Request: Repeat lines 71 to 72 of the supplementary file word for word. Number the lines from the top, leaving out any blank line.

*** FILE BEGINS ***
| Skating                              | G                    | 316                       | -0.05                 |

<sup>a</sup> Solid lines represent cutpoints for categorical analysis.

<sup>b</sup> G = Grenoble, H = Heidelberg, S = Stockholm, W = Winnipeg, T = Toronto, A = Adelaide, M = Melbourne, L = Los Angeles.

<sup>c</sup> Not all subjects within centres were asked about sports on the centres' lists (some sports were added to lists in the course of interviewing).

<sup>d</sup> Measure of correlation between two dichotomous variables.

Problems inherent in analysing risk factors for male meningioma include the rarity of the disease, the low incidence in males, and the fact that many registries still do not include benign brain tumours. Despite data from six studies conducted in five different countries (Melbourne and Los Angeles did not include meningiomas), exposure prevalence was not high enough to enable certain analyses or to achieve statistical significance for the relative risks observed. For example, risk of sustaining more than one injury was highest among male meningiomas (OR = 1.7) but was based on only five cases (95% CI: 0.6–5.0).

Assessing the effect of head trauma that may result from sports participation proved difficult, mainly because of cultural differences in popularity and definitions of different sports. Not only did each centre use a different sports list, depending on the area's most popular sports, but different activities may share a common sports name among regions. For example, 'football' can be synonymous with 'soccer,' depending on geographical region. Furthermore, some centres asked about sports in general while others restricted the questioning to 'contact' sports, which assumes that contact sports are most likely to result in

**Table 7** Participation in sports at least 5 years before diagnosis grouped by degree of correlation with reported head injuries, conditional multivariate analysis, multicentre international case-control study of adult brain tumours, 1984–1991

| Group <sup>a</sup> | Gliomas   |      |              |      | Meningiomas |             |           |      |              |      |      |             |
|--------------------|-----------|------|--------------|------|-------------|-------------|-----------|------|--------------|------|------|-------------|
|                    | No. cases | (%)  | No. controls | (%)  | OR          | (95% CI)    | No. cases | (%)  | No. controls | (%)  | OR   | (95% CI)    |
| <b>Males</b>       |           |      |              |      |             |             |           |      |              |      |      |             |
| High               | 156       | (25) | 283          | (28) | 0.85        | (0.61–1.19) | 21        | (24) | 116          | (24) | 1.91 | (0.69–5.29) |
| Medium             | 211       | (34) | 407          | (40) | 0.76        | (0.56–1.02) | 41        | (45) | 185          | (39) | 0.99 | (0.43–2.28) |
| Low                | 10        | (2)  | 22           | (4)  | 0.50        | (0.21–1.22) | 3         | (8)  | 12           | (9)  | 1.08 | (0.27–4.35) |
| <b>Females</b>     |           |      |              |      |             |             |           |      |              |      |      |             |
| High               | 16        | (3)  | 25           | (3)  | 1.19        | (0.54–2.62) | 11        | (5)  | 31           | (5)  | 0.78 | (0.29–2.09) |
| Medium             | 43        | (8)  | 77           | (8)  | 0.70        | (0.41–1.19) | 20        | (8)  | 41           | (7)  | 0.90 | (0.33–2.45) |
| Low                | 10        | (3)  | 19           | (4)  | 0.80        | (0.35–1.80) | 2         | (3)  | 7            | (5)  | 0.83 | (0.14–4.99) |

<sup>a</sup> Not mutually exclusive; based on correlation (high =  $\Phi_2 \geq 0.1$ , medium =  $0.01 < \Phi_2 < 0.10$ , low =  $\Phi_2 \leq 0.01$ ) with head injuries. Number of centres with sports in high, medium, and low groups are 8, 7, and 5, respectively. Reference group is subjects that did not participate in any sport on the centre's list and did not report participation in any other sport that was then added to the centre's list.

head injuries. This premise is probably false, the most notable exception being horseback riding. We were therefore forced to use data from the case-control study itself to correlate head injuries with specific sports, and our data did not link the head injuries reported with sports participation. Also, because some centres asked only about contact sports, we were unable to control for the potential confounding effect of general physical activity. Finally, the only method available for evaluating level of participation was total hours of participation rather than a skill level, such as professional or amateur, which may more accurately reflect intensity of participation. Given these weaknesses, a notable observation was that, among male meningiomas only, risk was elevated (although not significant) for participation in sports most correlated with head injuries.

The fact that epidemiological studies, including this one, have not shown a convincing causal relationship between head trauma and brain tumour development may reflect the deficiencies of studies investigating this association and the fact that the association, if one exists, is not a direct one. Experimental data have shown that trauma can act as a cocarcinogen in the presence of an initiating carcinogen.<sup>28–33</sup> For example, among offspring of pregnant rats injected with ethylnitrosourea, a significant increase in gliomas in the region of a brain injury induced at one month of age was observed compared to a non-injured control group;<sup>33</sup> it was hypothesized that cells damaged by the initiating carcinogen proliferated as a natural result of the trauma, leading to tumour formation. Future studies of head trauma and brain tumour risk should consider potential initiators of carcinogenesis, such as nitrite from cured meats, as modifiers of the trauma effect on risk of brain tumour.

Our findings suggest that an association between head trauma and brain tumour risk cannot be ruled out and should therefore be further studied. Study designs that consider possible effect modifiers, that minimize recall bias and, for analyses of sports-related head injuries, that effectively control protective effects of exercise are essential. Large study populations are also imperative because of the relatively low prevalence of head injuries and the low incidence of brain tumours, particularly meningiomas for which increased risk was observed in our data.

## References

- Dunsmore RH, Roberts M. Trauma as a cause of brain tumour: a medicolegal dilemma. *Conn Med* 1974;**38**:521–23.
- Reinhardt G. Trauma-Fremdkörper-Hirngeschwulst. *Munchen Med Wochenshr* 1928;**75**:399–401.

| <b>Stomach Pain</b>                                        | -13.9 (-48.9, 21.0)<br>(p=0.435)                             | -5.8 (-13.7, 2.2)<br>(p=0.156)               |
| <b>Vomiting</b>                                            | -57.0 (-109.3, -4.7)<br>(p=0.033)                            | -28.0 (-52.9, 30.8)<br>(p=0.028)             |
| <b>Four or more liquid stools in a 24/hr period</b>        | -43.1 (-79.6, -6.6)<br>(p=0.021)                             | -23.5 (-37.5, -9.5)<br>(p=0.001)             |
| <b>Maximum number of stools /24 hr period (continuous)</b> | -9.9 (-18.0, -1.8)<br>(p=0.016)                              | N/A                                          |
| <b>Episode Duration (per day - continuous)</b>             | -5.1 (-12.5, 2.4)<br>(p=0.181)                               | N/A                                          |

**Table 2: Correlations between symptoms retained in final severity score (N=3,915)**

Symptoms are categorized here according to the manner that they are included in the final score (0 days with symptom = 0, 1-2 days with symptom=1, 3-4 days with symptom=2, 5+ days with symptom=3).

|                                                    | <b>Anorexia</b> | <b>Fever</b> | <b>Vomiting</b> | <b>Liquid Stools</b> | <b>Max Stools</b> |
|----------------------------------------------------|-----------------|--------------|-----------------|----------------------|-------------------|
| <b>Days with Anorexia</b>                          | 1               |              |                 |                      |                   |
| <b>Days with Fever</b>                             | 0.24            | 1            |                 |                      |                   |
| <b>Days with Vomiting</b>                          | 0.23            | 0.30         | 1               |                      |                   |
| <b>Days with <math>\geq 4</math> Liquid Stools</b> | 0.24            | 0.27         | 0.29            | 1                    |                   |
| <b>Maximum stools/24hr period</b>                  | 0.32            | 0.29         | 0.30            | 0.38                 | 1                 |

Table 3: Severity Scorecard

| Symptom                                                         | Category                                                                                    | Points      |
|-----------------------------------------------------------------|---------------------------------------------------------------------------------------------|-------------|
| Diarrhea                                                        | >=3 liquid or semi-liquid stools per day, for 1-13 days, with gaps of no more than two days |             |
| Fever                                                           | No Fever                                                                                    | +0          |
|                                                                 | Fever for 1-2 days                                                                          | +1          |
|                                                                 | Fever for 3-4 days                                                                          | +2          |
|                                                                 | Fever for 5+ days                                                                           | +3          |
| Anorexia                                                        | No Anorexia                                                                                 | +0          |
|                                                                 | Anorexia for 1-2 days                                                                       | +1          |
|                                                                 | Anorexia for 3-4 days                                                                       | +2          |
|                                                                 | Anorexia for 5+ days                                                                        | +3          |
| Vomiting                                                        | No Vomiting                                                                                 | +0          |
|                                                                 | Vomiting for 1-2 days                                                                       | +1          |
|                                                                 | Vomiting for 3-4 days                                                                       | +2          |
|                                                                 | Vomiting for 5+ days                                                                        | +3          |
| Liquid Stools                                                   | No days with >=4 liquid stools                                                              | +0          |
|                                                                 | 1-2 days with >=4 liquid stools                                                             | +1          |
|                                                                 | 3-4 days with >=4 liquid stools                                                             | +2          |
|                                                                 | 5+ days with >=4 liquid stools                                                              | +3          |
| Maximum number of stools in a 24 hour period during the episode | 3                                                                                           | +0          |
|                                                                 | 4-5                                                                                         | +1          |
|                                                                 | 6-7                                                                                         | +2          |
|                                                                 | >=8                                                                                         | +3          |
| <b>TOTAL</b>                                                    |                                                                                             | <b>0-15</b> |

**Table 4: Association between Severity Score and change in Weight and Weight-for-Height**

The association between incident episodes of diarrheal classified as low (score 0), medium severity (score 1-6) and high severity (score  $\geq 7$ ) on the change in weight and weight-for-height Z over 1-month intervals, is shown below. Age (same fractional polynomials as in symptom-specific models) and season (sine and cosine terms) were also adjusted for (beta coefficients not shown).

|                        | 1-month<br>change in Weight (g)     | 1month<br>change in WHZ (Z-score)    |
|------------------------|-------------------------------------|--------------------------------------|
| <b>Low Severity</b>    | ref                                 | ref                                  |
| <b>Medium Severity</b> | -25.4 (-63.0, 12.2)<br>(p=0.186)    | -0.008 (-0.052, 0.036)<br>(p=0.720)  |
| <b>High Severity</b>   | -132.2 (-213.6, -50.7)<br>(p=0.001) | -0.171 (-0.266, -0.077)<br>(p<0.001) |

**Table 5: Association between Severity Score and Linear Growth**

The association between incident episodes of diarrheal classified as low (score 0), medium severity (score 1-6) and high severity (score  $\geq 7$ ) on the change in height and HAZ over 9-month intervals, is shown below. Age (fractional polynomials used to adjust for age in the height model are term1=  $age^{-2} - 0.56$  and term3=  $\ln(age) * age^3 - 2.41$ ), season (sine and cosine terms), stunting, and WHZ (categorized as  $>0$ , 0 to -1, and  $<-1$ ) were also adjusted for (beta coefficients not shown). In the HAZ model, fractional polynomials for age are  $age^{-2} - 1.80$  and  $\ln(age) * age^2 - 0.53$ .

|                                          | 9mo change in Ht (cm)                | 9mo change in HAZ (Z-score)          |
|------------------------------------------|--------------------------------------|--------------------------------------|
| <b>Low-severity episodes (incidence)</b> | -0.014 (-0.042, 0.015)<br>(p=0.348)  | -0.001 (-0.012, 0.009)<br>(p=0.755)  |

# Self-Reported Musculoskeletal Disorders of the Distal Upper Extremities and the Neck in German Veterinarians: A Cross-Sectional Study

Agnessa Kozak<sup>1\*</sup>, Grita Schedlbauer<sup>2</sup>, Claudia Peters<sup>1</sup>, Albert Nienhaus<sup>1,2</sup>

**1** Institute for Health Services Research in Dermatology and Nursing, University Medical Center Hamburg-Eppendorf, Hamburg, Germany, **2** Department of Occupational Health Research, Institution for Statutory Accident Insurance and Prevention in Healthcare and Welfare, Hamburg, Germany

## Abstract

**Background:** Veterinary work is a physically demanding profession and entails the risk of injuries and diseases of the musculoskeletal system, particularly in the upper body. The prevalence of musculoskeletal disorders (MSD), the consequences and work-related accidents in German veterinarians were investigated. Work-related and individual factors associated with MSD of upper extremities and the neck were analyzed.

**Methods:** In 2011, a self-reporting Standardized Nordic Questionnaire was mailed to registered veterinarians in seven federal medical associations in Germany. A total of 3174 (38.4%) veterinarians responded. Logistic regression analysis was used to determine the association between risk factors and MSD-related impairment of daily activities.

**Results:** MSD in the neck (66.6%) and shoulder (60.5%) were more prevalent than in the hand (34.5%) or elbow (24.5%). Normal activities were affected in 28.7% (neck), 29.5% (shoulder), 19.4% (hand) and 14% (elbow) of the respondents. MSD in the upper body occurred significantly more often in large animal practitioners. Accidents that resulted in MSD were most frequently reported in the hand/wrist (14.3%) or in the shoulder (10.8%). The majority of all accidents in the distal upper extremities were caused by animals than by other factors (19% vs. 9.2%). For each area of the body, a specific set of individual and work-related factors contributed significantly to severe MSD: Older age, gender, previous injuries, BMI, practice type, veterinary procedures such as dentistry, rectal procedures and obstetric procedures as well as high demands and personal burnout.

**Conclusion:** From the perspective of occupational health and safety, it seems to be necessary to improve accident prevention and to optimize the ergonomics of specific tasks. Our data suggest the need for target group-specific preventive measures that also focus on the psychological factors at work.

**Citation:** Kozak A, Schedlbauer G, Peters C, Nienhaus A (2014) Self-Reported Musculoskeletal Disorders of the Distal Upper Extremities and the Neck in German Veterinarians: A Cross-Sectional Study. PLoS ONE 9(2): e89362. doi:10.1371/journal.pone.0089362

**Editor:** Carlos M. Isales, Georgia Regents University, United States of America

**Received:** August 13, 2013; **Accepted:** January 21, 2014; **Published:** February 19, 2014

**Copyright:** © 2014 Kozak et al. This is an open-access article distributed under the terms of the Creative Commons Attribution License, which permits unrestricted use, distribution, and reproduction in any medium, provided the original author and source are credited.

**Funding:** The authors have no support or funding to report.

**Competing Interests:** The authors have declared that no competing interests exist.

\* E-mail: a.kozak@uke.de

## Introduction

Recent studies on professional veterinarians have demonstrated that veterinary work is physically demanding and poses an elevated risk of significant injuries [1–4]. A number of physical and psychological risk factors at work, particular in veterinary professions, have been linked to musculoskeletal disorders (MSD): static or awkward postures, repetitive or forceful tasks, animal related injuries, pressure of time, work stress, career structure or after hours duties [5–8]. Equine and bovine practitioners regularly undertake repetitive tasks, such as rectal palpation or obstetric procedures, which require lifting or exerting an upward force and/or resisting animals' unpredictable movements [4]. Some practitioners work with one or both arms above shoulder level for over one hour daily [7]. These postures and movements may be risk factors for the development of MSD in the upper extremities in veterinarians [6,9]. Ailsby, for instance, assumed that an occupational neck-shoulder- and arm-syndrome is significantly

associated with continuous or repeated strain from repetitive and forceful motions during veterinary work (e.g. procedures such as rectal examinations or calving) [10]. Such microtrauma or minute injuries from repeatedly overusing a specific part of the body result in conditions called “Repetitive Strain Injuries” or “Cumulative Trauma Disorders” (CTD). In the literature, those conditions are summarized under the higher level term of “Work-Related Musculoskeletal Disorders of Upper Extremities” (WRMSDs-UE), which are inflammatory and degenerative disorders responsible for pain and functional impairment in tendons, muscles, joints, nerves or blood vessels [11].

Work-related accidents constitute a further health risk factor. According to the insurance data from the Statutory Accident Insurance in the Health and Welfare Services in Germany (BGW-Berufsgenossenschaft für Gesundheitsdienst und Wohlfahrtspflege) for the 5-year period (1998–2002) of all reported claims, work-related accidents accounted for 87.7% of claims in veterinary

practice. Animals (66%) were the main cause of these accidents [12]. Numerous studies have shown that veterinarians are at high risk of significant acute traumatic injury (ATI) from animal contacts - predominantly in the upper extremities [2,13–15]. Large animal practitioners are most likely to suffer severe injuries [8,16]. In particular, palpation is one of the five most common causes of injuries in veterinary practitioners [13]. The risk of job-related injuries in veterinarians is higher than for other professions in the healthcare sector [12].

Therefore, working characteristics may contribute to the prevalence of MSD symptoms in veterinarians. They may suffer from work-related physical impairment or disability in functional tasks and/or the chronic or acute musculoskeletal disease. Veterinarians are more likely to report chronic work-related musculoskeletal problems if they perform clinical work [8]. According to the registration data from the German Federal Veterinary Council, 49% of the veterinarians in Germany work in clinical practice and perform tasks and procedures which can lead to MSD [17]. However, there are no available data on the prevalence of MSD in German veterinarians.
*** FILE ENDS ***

| <b>Medium Severity</b> | -25.4 (-63.0, 12.2)<br>(p=0.186)    | -0.008 (-0.052, 0.036)<br>(p=0.720)  |
| <b>High Severity</b>   | -132.2 (-213.6, -50.7)<br>(p=0.001) | -0.171 (-0.266, -0.077)<br>(p<0.001) |